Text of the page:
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Latest news and advice for seniors December 2020

Smiling Sessions sing-a-long

Our regular round-up of developments, reports, guidance and advice that affects the health, wealth and lifestyles of our older family and friends.

In this issue:

  • Vaccinations for those who can’t make the decision themselves
  • Are banknotes really a virus risk?
  • The value of Vitamin D
  • Does the Spending Review give social care the budget it needs?
  • The Scottish Care Inspectorate tells its pandemic story
  • Recap on the Christmas rules from the UK government
  • Winter grant scheme for vulnerable families
  • Addressing the challenge of mental wellness
  • Carbs and coronavirus
  • Good reads from other sites

Vaccination and dementia

While many of us are keen for our older relatives to receive the Coronavirus vaccine as soon as it’s safe and available, it’s a more complex issue for those who can’t make the decision for themselves. The Alzheimer’s Society has a useful discussion about the issues around vaccine consent for those living with dementia.

cashless society and older peopleThe risk of handling cash

While retailers have been advised to minimise cash payments during the Coronavirus pandemic, research by the Bank of England has concluded that the virus doesn’t actually live for long on banknotes, with the presence of droplets falling significantly within a few hours.

Why the excitement around Vitamin D?

Vitamin D is becoming the vitamin of great importance, to the extent that free supplements are being offered to the most vulnerable in England over this winter. It’s thought that it can provide support for the immune system and other health benefits. Latest addition to the list is the possibility that it could significantly lower the risk of advanced cancer.

The spending review and social care

campaign for free personal careNot surprising really, but a YouGov survey has found that 9 out of 10 adults over 65 would prefer home care to living in a care home. The UK Homecare Association was prompted to call on the Chancellor to provide more funding in his Spending Review, arguing that there is a funding gap of £14 billion for the coming financial year. In the event, local authorities were promised an extra £1bn to fund social care in England. The King’s Fund has, however, pointed out that ‘having access to’ these funds is not the same as ‘having’, and that much of the money would have to be raised by local authorities through levies.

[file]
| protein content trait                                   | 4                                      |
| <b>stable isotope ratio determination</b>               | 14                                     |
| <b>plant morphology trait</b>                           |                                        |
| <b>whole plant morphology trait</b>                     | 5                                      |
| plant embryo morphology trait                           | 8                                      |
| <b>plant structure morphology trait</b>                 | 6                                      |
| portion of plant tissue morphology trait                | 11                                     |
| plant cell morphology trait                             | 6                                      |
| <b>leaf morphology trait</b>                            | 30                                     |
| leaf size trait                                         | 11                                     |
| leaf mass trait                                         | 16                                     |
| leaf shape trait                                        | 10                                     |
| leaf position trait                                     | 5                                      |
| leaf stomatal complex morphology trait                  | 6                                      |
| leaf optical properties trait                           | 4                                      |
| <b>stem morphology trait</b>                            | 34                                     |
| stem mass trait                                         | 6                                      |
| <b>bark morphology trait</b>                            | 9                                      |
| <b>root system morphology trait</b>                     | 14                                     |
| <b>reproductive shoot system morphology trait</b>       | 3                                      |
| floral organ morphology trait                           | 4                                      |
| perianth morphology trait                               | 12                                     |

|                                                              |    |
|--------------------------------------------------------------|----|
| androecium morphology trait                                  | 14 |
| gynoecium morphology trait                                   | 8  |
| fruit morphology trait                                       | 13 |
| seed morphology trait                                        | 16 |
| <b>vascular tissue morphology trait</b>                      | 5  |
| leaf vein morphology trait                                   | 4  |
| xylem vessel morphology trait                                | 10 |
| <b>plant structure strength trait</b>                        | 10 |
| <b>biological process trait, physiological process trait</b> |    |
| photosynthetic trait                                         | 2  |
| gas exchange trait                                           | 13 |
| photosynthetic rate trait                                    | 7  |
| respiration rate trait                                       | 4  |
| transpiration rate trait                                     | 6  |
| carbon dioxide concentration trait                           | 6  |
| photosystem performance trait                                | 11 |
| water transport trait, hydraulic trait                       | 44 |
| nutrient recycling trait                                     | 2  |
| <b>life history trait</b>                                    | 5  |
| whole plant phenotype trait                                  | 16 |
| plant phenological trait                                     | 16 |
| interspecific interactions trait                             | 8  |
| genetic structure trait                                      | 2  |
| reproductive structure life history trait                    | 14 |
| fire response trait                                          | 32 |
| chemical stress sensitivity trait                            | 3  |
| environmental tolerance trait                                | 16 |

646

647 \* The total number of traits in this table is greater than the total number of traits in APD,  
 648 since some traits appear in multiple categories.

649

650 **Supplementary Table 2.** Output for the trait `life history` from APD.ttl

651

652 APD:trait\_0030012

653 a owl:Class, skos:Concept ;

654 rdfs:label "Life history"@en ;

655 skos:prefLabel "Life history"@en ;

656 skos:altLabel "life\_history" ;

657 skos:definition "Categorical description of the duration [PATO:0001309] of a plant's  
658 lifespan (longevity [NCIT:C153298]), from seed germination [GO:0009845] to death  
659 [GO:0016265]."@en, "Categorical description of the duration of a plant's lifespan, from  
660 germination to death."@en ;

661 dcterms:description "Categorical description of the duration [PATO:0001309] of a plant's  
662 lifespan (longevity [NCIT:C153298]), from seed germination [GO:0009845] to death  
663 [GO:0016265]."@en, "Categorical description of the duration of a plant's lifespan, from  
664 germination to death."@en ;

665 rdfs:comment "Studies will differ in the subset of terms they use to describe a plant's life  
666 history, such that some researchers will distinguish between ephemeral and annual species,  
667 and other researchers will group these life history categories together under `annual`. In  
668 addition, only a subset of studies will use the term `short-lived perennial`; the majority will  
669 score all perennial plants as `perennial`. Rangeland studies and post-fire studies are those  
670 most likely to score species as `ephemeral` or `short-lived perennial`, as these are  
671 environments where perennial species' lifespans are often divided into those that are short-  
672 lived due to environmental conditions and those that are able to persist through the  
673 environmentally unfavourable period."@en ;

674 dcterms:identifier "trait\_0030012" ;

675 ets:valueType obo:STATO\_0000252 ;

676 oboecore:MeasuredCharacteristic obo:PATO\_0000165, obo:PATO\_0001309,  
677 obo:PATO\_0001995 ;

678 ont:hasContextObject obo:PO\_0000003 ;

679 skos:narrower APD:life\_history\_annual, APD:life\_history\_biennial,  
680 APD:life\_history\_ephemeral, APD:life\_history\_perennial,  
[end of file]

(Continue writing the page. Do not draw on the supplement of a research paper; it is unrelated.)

The Care Inspectorate at work in the pandemic

The Care Inspectorate in Scotland has published two reports about its Covid-19 response. Delivering care at home and housing support services was published in September, and a report on the inspectorate’s role, purpose and learning was delivered in August.

What are the rules for Christmas?

UK government guidance in England for the Christmas period. From the horse’s mouth, this cover s meeting friends and family; visiting restaurants, shops and places of workshop; visiting relatives in care homes; weddings and funerals; travel and volunteering.

Winter grant scheme for vulnerable families

A Covid winter grant scheme has been announced for those most in need across England to offer help with the cost of food, energy and other essentials. The government is making money available to local authorities to administer the scheme to provide assistance to vulnerable households. However, this may not apply to older people in many cases, as 80% of funds are expected to be ring-fenced for households with children.

Keeping well mentally

How will government help everyone stay mentally well this winter? The UK nations have all published their plans to help support mental health over the course of the next few months. The plans document for England covers all age groups and needs, but does include a few useful links. The mental health delivery plan for Wales includes mention of carers and those living with dementia and the Scottish version also makes specific mention of older people, while the Northern Ireland plan is a little more technical but worth a look.

Meanwhile here are a few quick tips for staying mentally resilient while we wait for the vaccine and a return to ‘normal’.

And even better, here’s a sing-a-long session that’s an absolute joy. Recorded by the small charity Smiling Sessions, this is a set of high-quality Zoom-style recordings of great songs from great musicians. What’s even better is that musical choices start in the 60s and 70s (although there is one tribute to Dame Vera). Guest appearances recorded especially for the charity include Cliff Difford, the RSC Choir, KT Tunstall, Bryan McFadden and Merill Osmond.

Diabetes, carbs and coronavirus

It’s often thought that older people have more difficulty losing weight, which affects their response to Type 2 diabetes. But according to some research, older adults can lose just as effectively as younger people with hospital-based interventions. Meanwhile an article in the BMJ discusses the benefits of a low-carb diet in response to the challenge of Covic-19.

Worth a read from other sites

 

Image Smiling Sessions with guest artists

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